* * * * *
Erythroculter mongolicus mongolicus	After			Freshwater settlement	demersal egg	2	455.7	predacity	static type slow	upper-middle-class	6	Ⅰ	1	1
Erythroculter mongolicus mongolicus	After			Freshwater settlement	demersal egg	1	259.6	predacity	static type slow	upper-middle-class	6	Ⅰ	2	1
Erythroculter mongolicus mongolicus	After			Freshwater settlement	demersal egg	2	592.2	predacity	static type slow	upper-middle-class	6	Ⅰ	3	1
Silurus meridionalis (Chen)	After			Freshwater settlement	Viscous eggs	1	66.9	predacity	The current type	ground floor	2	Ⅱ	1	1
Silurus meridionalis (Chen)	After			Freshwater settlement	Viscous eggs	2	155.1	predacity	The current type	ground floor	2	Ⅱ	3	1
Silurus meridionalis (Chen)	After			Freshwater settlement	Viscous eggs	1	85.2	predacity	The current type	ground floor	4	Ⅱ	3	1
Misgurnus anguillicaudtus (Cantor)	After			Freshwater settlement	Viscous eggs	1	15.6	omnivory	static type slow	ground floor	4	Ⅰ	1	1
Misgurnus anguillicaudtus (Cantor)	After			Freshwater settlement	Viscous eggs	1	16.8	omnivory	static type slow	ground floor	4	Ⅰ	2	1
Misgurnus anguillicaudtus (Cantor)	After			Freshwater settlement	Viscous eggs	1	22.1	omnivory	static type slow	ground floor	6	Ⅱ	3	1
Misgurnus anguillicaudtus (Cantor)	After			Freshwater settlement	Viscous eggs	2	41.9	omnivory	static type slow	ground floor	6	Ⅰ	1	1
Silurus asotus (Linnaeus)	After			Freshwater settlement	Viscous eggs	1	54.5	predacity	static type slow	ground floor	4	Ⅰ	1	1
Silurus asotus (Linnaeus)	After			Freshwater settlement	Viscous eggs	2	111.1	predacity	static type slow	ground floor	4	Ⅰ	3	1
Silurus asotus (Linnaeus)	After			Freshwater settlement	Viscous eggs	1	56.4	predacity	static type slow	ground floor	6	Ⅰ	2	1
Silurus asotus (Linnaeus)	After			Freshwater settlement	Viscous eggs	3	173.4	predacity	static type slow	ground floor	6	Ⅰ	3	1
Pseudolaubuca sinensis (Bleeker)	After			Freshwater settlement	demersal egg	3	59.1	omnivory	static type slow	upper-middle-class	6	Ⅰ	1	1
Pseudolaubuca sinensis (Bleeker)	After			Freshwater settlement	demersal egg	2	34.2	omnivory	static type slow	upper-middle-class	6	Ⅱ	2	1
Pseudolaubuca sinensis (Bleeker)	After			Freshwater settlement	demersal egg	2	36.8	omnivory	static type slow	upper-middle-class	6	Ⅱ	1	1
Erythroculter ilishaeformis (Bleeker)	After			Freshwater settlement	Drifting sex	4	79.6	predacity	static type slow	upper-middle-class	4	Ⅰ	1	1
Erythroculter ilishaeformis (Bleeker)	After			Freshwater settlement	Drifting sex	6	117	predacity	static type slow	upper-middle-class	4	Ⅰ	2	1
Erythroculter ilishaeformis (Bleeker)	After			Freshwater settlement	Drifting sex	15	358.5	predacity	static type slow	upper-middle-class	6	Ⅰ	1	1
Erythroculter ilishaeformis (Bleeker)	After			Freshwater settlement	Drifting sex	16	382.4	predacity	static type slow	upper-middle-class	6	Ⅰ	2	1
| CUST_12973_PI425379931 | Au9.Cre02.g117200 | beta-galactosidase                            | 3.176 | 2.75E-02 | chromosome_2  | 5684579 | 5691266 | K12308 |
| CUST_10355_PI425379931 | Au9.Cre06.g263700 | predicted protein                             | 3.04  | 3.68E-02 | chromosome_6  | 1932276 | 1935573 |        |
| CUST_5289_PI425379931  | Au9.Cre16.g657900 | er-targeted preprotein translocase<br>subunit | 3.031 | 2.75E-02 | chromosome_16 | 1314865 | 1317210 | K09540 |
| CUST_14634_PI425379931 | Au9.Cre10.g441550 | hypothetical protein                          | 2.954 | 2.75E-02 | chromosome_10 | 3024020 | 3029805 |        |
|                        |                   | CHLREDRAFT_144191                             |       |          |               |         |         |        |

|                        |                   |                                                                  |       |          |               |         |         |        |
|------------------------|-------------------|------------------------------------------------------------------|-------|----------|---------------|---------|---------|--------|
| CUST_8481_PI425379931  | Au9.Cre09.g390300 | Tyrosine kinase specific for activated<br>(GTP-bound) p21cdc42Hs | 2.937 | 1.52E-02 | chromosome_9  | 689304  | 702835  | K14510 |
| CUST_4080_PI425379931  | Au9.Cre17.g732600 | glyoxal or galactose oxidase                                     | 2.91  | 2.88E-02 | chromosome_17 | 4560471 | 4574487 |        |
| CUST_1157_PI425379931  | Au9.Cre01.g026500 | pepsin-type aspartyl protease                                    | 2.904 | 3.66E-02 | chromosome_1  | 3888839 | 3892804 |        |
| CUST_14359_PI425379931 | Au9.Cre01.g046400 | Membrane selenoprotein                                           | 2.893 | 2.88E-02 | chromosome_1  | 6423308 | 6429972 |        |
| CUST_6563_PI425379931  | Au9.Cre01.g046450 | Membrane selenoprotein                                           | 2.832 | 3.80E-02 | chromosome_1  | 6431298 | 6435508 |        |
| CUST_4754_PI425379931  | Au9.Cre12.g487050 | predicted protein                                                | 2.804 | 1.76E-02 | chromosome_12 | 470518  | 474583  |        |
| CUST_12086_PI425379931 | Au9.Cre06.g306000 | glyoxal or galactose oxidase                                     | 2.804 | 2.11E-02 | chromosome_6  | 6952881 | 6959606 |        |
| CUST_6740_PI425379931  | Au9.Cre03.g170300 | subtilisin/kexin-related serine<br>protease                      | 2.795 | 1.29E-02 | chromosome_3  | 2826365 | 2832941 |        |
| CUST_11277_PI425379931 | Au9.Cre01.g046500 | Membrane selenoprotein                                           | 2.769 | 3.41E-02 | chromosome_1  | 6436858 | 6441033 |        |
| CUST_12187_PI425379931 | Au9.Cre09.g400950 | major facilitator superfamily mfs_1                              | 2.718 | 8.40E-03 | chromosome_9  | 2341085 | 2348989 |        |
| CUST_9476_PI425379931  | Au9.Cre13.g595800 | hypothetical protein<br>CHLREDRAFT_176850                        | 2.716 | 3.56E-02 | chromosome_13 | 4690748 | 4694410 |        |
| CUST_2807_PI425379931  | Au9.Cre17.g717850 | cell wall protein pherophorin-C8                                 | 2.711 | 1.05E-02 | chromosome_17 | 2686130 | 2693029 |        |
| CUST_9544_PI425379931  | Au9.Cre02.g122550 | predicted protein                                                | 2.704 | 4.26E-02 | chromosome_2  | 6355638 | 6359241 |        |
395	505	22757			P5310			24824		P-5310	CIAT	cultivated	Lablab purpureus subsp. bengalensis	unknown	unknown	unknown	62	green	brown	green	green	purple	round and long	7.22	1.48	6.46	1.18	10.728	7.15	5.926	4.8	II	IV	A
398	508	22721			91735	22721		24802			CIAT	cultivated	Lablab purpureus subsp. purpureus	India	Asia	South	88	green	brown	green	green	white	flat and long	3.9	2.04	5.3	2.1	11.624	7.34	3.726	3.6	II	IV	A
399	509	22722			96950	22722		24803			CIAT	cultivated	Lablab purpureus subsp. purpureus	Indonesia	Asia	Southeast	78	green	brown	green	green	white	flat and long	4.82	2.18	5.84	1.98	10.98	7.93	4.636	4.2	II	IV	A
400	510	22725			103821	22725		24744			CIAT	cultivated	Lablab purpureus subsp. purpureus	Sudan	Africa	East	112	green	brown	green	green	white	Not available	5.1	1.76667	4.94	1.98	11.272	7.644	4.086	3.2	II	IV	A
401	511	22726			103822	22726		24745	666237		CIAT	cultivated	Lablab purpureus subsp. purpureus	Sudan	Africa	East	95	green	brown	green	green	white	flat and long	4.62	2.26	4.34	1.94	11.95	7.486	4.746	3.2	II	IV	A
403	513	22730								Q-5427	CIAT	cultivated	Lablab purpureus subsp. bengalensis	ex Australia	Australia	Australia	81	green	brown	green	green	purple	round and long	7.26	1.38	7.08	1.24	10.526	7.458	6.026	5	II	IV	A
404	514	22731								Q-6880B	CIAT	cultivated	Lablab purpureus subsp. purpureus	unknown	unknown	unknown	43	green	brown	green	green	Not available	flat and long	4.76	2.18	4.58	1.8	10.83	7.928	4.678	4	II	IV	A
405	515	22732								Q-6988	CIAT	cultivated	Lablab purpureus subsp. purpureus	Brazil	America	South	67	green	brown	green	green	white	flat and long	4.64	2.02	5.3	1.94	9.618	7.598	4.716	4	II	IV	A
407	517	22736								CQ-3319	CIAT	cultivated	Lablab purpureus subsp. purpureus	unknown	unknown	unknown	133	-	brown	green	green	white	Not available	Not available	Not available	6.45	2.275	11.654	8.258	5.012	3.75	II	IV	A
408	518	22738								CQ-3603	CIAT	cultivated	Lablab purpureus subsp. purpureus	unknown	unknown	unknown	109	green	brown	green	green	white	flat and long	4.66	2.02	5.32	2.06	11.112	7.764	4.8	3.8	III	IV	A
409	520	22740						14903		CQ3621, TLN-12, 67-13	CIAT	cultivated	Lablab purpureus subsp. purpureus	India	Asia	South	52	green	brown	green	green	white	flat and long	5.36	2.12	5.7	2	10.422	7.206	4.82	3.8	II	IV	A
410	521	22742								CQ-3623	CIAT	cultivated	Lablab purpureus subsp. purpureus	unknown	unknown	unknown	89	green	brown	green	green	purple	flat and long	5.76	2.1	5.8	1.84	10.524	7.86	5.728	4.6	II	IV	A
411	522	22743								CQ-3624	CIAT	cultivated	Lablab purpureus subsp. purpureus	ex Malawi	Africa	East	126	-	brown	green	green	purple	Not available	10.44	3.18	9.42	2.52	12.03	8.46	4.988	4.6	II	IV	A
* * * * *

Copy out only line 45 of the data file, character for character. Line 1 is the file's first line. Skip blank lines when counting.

400	510	22725			103821	22725		24744			CIAT	cultivated	Lablab purpureus subsp. purpureus	Sudan	Africa	East	112	green	brown	green	green	white	Not available	5.1	1.76667	4.94	1.98	11.272	7.644	4.086	3.2	II	IV	A